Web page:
North Korea’s Canadian classroom

[We have reported several times before about CanKor Brain Trust member Dr. Park Kyung-Ae‘s Knowledge Partnership Program (KPP), which has recently completed the second year that North Korean economics professors attended economics courses at the University of British Columbia (see links at bottom of this article). The following article is taken from a National Post article by Tristin Hopper, which was published on 2 January 2013. –CanKor]

UBC’s latest exchange with hermit nation quietly draws to a close

The University of British Columbia's campus, which played host to North America's only academic exchange with North Korea. (Photo: Postmedia News files)

The University of British Columbia’s campus, which played host to North America’s only academic exchange with North Korea. (Photo: Postmedia News files)

Two weeks ago, six professors packed up their dorm rooms at the quiet, Vancouver campus of the University of British Columbia, boarded aircraft at the city’s international airport and began the Jacob’s ladder of flights that would eventually return them home to North Korea.

Just as quietly as it began, the second phase of the Knowledge Partnership Program (KPP), North Korea’s only academic exchange program with North America, had come to a close.

It is the product of a little-known relationship forged even before Canada had opened relations with the Stalinist country, and the University of British Columbia is the only academic institution in North America — and possibly the West — to host regular delegations of North Koreans. Little is known of the program and details are carefully guarded from public scrutiny, but just as a U.S. ping pong team helped open Maoist China to the West, proponents contend that one of UBC’s most obscure international programs may hold the key to opening the borders of one of the world’s most closed countries.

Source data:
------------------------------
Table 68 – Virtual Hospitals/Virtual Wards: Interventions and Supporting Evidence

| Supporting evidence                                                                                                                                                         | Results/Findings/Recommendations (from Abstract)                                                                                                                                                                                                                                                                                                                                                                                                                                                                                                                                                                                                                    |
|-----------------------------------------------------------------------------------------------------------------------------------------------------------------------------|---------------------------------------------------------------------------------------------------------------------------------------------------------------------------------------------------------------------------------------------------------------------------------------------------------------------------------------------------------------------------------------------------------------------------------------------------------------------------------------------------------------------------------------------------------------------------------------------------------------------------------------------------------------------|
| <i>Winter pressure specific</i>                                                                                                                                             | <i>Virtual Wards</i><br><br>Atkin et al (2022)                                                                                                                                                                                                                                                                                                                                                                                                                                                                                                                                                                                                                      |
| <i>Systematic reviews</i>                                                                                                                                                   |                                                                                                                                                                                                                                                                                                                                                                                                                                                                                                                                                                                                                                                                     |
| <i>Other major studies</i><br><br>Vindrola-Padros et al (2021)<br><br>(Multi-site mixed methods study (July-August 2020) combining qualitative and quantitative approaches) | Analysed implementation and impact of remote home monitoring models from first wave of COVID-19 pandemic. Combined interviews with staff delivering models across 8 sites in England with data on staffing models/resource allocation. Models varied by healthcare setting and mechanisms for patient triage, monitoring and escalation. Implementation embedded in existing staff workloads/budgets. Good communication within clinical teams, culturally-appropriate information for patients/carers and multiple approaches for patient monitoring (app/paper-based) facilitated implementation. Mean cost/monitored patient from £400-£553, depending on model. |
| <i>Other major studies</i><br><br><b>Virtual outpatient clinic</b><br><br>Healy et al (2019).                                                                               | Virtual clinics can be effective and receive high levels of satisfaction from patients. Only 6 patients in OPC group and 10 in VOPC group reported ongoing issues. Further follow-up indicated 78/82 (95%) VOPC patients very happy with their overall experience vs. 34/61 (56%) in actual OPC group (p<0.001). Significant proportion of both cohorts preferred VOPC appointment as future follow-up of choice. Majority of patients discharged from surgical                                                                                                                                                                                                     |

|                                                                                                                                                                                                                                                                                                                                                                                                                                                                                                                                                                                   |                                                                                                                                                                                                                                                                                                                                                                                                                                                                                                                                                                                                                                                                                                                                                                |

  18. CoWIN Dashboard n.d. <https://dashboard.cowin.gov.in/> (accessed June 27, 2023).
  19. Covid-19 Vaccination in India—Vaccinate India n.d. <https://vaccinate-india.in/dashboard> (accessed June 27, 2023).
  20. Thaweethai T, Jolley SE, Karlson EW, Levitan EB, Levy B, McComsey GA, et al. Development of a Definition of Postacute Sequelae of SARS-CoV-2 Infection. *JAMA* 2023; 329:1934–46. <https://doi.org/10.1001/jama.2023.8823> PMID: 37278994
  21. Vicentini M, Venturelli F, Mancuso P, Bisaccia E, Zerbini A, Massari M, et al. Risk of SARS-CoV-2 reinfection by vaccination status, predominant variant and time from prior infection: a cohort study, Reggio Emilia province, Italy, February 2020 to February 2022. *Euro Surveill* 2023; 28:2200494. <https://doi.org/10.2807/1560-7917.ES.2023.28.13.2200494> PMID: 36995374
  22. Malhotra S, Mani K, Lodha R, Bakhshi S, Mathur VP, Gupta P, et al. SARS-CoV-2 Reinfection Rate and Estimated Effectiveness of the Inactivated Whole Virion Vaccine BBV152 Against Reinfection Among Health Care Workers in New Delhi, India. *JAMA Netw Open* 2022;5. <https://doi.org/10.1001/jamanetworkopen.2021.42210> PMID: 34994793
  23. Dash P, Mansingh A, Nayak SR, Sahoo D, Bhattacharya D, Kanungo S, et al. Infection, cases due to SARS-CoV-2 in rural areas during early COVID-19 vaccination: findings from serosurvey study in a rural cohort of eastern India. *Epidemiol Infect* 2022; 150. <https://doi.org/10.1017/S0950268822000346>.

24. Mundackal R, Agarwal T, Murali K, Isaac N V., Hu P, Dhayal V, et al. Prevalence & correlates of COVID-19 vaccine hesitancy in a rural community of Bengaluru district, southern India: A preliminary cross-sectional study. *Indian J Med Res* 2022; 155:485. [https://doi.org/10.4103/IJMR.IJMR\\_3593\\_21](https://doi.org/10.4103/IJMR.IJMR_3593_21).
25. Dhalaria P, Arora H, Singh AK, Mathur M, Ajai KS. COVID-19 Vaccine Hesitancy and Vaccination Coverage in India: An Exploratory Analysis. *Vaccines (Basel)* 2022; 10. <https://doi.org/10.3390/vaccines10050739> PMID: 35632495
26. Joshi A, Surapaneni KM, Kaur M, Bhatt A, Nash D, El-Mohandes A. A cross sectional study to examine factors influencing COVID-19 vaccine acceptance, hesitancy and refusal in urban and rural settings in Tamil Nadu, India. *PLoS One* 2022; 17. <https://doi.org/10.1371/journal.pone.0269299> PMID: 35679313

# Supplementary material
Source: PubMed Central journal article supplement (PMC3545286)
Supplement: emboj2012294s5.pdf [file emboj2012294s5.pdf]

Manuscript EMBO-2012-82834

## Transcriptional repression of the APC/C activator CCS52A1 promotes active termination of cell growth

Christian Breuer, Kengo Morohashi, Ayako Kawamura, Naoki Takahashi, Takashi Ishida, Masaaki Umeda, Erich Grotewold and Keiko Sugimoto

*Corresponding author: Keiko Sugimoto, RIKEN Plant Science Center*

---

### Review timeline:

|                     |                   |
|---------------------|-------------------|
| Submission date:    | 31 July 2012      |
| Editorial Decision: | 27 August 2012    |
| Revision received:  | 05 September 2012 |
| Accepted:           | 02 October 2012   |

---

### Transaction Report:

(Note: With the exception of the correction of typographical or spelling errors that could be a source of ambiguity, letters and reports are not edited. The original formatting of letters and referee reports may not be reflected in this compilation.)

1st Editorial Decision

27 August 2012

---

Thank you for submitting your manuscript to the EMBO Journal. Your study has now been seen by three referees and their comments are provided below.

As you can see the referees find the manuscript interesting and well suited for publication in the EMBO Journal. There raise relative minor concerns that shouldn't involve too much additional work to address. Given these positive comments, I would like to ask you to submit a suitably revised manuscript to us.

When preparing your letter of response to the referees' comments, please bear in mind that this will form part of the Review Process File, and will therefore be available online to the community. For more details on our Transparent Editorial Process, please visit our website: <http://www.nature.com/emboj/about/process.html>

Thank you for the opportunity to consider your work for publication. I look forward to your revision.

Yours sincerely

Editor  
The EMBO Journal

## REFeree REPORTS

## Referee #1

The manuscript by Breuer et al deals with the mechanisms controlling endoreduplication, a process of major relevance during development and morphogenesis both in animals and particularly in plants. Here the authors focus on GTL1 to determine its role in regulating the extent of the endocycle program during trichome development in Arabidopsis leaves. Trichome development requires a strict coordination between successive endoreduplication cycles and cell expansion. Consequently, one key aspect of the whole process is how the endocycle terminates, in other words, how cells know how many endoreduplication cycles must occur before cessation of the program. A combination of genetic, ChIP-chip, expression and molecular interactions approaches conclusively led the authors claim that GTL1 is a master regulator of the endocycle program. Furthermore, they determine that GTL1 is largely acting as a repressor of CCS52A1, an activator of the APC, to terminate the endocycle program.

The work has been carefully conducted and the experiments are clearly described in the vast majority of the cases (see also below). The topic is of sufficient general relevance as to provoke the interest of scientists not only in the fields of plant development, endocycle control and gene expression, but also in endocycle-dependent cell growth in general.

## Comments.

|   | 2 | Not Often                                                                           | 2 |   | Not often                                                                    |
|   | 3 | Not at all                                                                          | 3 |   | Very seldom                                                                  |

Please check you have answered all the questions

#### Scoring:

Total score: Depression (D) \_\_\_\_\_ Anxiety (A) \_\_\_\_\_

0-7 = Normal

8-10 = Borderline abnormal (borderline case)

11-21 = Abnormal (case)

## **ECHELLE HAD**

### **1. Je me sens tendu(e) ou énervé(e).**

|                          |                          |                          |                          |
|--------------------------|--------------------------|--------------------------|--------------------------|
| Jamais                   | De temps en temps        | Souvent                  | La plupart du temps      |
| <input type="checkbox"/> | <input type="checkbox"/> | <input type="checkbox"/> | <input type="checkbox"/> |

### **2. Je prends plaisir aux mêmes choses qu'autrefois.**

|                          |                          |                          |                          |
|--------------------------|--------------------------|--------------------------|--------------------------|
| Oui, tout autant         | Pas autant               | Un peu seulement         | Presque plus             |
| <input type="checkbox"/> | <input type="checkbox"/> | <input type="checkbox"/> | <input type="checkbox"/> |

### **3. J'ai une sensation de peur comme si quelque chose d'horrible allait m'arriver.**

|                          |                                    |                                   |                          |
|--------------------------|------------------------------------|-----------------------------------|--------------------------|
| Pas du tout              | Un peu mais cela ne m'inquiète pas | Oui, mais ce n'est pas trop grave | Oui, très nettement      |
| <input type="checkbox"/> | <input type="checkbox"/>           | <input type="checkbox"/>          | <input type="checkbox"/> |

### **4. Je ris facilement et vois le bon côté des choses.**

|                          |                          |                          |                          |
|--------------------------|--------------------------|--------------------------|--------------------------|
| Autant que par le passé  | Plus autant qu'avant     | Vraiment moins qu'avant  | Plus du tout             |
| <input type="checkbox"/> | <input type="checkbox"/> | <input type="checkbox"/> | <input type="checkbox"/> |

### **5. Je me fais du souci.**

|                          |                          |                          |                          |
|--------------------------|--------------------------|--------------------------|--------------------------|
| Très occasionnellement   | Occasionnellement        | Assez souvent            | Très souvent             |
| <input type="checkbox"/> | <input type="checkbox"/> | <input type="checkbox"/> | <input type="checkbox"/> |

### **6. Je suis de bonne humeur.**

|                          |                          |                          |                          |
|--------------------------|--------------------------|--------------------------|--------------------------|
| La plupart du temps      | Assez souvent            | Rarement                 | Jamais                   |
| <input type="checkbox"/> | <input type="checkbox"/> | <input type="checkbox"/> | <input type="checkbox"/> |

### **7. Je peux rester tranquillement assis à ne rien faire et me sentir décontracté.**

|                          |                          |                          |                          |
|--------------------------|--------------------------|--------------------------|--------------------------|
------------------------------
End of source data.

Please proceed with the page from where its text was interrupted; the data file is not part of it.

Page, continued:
“Particularly when we do not have active interactions between Canada and North Korea, I think academic exchange is really needed,” said Kyung-Ae Park, a UBC political scientist and founder of the KPP.

She called the KPP an early step toward “bilateral relations” with the nation known officially as the Democratic People’s Republic of Korea.

From June to December, professors from three North Korean institutions underwent a study program of English, international trade, finance and economics at UBC, enrolling in standard undergraduate and graduate-level courses.

The group was following in the lead of another sextet of professors who arrived in June 2011, and returned home just in time for the country-wide mourning kicked off by the death of North Korean leader Kim Jong-il.

Both times, the professors lived in dorms, attended regular classes and were slotted into work groups with other members of the student body. “They’re just like any other students on campus … there’s no special treatment or special space for them,” said Ms. Park.

During downtimes, the group even headed out on field trips to Toronto and Vancouver to sit down with bank managers, corporate directors and the other actors of Canada’s free market economy. “We just asked them to explain how they do business in Canada,” said Ms. Park.